There's also a ton of modules you can use to extend the build however you like. For example, you could have source images be large and then auto-generate thumbnails like this:

ReadFiles("*").Where(x => x.Contains("images\\") && new[] { ".jpg", ".jpeg", ".gif", ".png"}.Contains(Path.GetExtension(x))),

There's a TON of options. You could even use Excel as the source data for your site, generate CSVs from the Excel OOXML and then generate your site from those CSVs. Sounds crazy, but if you run a small business or non-profit you could quickly make a nice workflow for someone to take control of their own site!

GOTCHA: When generating a site locally your initial reaction may be to open the /output folder and open the index.html in your local browser. You MAY be disappointed with you use a static site generator. Often they generate absolute paths for CSS and Javascript so you'll see a lousy version of your website locally. Either change your templates to generate relative paths OR use a staging site and look at your sites live online. Even better, use the Wyam "preview web server" and run Wyam with a "-p" argument and then visit http://localhost:5080 to see your actual site as it will show up online.

Wyam looks like a really interesting start to a great open source project. It's got a lot of code, good docs, and it's easy to get started. It also has a bunch of advanced features that would enable me to easily embed static site generation in a dynamic app. From the comments, it seems that Dave Glick is doing most of the work himself. I'm sure he'd appreciate you reaching out and helping with some issues.

As always, don't just send a PR without talking and working with the maintainers of your favorite open source projects. Also, ask if they have issues that are friendly to

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About Scott

Scott Hanselman is a former professor, former Chief Architect in finance, now speaker, consultant, father, diabetic, and Microsoft employee. He is a failed stand-up comic, a cornrower, and a book author.

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Docker on a Synology NAS - Also running ASP.NET and .NET Core!

November 29, '16 Comments [32] Posted in Open Source
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Docker on Synology is amazingI love my Synology NAS (Network Attached Storage) device. It has sat quietly in my server closet for almost 5 years now. It was a fantastic investment. I've filled it with 8TB of inexpensive Seagate Drives and it does its own flavor of RAID to give me roughly 5TB (which, for my house is effectively infinite) of storage. In my house it's just \\SERVER or http://server. It's a little GNU Linux machine that is easier to manage and maintain (and generally deal with) that just chills in the closet. It's a personal cloud.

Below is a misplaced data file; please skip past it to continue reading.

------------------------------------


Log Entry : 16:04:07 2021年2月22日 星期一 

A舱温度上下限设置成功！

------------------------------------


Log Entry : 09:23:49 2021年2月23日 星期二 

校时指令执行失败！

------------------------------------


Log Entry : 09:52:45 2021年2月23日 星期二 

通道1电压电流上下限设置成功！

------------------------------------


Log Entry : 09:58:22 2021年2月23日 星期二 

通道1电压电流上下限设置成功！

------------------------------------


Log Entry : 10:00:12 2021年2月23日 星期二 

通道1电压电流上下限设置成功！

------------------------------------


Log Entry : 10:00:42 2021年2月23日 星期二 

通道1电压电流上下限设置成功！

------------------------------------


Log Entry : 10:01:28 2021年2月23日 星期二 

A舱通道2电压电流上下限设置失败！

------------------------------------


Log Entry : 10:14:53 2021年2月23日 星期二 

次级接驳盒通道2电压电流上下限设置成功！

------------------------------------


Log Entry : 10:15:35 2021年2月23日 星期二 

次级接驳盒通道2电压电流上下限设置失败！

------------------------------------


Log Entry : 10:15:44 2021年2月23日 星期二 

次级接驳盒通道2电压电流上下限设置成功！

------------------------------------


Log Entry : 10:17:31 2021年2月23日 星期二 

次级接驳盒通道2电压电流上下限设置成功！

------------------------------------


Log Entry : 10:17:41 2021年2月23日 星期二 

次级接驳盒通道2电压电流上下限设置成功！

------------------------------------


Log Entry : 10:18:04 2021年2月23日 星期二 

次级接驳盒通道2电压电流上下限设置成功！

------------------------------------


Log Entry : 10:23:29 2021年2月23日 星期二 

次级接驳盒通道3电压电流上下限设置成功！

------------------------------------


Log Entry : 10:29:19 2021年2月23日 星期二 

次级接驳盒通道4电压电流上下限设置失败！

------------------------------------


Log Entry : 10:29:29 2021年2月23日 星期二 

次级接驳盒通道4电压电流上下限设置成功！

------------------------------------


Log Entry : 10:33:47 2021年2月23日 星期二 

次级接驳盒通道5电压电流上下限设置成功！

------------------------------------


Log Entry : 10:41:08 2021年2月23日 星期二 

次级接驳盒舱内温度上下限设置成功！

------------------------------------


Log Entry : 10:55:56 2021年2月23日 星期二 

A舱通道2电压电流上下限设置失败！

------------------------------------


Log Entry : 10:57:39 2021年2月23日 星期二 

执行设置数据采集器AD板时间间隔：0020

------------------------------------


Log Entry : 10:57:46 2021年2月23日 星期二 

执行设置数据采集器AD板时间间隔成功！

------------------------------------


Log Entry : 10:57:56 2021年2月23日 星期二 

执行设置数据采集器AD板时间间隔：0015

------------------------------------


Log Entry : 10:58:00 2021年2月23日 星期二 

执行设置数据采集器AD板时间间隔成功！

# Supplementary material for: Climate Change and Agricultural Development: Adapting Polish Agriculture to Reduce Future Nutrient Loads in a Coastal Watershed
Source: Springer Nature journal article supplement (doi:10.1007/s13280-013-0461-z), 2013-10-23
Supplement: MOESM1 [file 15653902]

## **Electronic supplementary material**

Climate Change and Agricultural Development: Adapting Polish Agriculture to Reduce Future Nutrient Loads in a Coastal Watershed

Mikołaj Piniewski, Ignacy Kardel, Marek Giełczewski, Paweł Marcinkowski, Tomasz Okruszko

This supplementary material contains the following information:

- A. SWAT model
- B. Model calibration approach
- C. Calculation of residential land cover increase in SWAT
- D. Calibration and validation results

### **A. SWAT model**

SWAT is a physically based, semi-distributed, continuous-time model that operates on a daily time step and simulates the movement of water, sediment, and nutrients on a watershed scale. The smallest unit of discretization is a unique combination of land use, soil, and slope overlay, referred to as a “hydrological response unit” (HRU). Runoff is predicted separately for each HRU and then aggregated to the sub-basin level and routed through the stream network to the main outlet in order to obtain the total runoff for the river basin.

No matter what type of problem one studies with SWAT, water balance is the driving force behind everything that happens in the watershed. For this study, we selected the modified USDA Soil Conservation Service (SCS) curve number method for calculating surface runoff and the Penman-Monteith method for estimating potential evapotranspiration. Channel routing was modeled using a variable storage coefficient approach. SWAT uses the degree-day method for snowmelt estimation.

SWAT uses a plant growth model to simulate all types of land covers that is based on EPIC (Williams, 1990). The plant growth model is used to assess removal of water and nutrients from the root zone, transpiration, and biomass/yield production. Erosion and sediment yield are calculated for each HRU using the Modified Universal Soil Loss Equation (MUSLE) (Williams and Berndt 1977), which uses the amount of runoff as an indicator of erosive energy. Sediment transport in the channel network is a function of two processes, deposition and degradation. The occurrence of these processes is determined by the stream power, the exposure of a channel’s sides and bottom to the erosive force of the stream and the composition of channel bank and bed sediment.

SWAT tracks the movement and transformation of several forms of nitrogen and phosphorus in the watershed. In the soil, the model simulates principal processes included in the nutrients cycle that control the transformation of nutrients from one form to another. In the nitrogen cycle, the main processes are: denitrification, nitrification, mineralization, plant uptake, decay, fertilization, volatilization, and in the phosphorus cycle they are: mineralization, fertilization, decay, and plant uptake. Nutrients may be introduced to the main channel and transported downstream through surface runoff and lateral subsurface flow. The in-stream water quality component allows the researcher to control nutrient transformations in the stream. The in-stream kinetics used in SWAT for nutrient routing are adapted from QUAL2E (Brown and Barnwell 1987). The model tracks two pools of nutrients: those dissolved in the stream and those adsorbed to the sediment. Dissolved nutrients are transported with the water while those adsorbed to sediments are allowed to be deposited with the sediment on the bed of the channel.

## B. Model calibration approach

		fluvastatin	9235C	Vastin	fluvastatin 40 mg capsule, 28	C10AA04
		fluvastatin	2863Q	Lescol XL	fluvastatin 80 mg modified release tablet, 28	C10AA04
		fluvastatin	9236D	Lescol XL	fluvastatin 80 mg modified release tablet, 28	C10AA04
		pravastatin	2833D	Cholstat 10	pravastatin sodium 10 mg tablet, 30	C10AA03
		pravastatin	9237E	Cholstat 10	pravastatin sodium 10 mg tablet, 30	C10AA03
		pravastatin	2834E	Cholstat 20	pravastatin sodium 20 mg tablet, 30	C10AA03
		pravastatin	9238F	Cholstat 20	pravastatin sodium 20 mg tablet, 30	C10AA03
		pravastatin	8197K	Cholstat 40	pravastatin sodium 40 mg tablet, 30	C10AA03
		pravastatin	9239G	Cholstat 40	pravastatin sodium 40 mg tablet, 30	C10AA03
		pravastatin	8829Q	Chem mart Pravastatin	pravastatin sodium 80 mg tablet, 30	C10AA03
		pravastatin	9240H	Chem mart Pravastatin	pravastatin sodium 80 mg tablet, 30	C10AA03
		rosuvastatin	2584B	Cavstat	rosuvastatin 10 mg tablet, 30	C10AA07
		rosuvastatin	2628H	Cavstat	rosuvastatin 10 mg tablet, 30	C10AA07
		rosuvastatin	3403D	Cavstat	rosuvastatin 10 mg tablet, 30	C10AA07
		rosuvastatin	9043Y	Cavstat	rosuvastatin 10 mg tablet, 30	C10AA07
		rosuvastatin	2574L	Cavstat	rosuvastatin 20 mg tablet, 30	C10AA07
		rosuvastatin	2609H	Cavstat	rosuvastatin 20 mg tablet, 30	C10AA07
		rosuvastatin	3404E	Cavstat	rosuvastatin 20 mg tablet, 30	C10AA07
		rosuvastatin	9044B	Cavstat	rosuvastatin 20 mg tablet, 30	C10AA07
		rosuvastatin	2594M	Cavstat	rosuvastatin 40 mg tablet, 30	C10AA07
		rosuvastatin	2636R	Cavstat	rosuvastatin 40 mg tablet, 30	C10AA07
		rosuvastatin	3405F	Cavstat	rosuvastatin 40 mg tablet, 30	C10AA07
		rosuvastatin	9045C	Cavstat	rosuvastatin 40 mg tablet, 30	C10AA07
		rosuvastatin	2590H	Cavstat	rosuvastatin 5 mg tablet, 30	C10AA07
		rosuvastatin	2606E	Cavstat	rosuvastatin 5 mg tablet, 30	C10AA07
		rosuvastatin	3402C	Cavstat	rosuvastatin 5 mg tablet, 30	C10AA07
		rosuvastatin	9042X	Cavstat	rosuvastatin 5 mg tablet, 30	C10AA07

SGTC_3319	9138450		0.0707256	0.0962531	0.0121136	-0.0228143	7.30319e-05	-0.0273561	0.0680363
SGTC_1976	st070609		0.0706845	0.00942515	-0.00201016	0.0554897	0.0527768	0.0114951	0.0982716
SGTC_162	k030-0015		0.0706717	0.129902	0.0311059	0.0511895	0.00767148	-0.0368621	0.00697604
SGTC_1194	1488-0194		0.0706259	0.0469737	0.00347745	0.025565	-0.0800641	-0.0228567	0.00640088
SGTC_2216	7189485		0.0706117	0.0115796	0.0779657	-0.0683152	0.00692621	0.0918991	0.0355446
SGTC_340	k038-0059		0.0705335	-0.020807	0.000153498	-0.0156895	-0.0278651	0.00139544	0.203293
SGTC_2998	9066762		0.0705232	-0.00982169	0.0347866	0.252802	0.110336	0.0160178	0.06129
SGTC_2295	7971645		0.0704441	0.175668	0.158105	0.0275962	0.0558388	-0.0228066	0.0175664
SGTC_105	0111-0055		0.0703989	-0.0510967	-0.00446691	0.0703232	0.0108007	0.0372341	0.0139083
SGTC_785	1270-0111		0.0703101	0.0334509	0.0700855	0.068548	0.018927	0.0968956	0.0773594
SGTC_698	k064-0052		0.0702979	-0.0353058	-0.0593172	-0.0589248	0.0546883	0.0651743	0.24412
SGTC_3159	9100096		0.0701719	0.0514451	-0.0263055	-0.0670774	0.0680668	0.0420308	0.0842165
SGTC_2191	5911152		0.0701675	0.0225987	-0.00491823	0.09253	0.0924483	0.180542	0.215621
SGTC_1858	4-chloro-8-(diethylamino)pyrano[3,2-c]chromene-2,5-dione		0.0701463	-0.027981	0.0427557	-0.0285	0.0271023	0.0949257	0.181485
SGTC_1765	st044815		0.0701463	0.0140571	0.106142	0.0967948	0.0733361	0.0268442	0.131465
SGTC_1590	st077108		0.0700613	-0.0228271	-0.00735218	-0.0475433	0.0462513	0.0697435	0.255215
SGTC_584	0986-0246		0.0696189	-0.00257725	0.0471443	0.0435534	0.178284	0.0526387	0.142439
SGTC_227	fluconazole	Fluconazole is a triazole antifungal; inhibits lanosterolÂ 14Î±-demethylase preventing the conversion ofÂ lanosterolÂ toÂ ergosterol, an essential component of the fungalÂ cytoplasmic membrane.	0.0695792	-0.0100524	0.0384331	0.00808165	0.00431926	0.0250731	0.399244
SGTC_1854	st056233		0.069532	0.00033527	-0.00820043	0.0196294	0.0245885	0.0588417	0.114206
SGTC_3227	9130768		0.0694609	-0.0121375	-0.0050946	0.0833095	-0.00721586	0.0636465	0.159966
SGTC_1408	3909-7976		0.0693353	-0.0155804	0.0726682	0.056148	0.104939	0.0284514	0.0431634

It also runs:

  • Plex - It's a media server with over 15 years of home movies and photos. It's even more magical when used with an Xbox One. It transcodes videos that then download to my Windows tablets or iPad...then I watch them offline on the plane.
  • VPN Server - I can remotely connect to my house. Even stream Netflix when I'm overseas.
  • Surveillance Station - It acts as a DVR and manages streams from a dozen cameras both inside and outside the house, scanning for motion and storing nearly a week of video.
  • Murmur/Mumble Server - Your own private VOIP chat service. Used for podcasts, gaming, private calls that aren't over Skype, etc.
  • Cloud Sync/Backup - I have files in Google Drive, Dropbox, and OneDrive...but I have them entirely backed up on my Synology with their Cloud Sync.

51FvMne3PyL._SL1280_Every year my Synology gets better with software upgrades. The biggest and most significant upgrade to Synology has been the addition of Docker and the Docker ecosystem. There is first class support for Docker on Synology. There are some Synology devices that are cheaper and use ARM processors. Make sure you get one with an Intel processor for best compatibility. Get the best one you can and you'll find new uses for it all the time! I have the 1511 (now 1515) and it's amazing.

ASP.NET Core on Docker on Synology

A month ago Glenn Condron and I did a Microsoft Virtual Academy on Containers and Cross-Platform .NET (coming soon!) and we made this little app and put it in Docker. It's "glennc/fancypants." That means I can easily run it anywhere with just:

docker run glennc/fancypants

Sometimes a DockerFile for ASP.NET Core can be as basic as this:

FROM microsoft/aspnetcore:1.0.1
ENTRYPOINT ["dotnet", "WebApplication4.dll"]
ARG source=.
COPY $source .

You could certainly use Docker Compose and have your Synology running Redis, MySql, ASP.NET Core, whatever.

Even better, since Synology has such a great UI, here is Glenn's app in the Synology web-based admin tool:

Docker on Synology - Node and ASP.NET Core Apps 

I can ssh into the Synology (you'll need to SSH in as root, or you'll want to set up Docker to allow another user to avoid this) and run docker commands directly, or I can use their excellent UI. It's really one of the nicest Docker UIs I've seen. I was able to get ASP.NET Core and the Node.js Ghost blog running in minutes with modest RAM requirements.